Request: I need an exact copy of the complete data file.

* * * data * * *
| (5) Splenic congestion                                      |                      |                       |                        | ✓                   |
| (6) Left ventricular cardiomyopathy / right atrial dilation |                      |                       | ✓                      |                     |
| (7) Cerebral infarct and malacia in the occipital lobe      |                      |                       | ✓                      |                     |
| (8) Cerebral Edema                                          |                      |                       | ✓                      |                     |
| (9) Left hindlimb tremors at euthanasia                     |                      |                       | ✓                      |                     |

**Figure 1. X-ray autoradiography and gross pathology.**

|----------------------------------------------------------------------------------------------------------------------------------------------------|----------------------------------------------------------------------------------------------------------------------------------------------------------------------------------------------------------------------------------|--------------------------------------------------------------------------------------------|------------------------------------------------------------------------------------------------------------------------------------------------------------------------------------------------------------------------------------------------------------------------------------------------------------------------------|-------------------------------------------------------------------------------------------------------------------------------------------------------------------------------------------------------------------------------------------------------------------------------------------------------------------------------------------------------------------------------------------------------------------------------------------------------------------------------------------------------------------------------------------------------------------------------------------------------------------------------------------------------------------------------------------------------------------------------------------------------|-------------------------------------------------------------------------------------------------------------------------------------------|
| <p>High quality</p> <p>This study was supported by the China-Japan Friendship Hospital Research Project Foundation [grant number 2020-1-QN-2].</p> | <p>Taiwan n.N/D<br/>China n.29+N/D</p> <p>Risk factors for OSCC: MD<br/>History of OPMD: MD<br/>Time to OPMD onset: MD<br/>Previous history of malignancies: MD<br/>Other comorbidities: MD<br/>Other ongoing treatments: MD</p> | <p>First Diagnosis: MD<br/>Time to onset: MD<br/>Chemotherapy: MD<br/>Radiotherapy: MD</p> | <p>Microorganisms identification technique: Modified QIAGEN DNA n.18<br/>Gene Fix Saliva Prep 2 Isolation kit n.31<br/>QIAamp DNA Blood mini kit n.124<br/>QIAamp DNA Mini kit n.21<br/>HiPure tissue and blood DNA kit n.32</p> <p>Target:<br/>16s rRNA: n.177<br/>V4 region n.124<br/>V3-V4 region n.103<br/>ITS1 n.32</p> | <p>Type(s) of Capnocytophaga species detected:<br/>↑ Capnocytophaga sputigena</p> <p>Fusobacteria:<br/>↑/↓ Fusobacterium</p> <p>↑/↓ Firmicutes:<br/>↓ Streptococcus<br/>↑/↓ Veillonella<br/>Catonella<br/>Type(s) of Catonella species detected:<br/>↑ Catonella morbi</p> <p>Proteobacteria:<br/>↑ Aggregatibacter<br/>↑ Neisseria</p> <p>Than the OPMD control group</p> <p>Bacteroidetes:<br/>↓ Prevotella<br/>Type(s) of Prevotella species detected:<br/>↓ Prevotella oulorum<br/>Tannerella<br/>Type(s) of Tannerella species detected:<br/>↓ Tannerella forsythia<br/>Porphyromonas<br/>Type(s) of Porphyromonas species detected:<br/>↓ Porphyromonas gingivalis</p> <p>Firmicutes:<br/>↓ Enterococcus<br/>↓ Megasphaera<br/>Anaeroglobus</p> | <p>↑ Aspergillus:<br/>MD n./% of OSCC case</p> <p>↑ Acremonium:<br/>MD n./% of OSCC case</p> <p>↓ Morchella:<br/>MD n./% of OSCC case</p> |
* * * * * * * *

| (5) Splenic congestion                                      |                      |                       |                        | ✓                   |
| (6) Left ventricular cardiomyopathy / right atrial dilation |                      |                       | ✓                      |                     |
| (7) Cerebral infarct and malacia in the occipital lobe      |                      |                       | ✓                      |                     |
| (8) Cerebral Edema                                          |                      |                       | ✓                      |                     |
| (9) Left hindlimb tremors at euthanasia                     |                      |                       | ✓                      |                     |

**Figure 1. X-ray autoradiography and gross pathology.**

|----------------------------------------------------------------------------------------------------------------------------------------------------|----------------------------------------------------------------------------------------------------------------------------------------------------------------------------------------------------------------------------------|--------------------------------------------------------------------------------------------|------------------------------------------------------------------------------------------------------------------------------------------------------------------------------------------------------------------------------------------------------------------------------------------------------------------------------|-------------------------------------------------------------------------------------------------------------------------------------------------------------------------------------------------------------------------------------------------------------------------------------------------------------------------------------------------------------------------------------------------------------------------------------------------------------------------------------------------------------------------------------------------------------------------------------------------------------------------------------------------------------------------------------------------------------------------------------------------------|-------------------------------------------------------------------------------------------------------------------------------------------|
| <p>High quality</p> <p>This study was supported by the China-Japan Friendship Hospital Research Project Foundation [grant number 2020-1-QN-2].</p> | <p>Taiwan n.N/D<br/>China n.29+N/D</p> <p>Risk factors for OSCC: MD<br/>History of OPMD: MD<br/>Time to OPMD onset: MD<br/>Previous history of malignancies: MD<br/>Other comorbidities: MD<br/>Other ongoing treatments: MD</p> | <p>First Diagnosis: MD<br/>Time to onset: MD<br/>Chemotherapy: MD<br/>Radiotherapy: MD</p> | <p>Microorganisms identification technique: Modified QIAGEN DNA n.18<br/>Gene Fix Saliva Prep 2 Isolation kit n.31<br/>QIAamp DNA Blood mini kit n.124<br/>QIAamp DNA Mini kit n.21<br/>HiPure tissue and blood DNA kit n.32</p> <p>Target:<br/>16s rRNA: n.177<br/>V4 region n.124<br/>V3-V4 region n.103<br/>ITS1 n.32</p> | <p>Type(s) of Capnocytophaga species detected:<br/>↑ Capnocytophaga sputigena</p> <p>Fusobacteria:<br/>↑/↓ Fusobacterium</p> <p>↑/↓ Firmicutes:<br/>↓ Streptococcus<br/>↑/↓ Veillonella<br/>Catonella<br/>Type(s) of Catonella species detected:<br/>↑ Catonella morbi</p> <p>Proteobacteria:<br/>↑ Aggregatibacter<br/>↑ Neisseria</p> <p>Than the OPMD control group</p> <p>Bacteroidetes:<br/>↓ Prevotella<br/>Type(s) of Prevotella species detected:<br/>↓ Prevotella oulorum<br/>Tannerella<br/>Type(s) of Tannerella species detected:<br/>↓ Tannerella forsythia<br/>Porphyromonas<br/>Type(s) of Porphyromonas species detected:<br/>↓ Porphyromonas gingivalis</p> <p>Firmicutes:<br/>↓ Enterococcus<br/>↓ Megasphaera<br/>Anaeroglobus</p> | <p>↑ Aspergillus:<br/>MD n./% of OSCC case</p> <p>↑ Acremonium:<br/>MD n./% of OSCC case</p> <p>↓ Morchella:<br/>MD n./% of OSCC case</p> |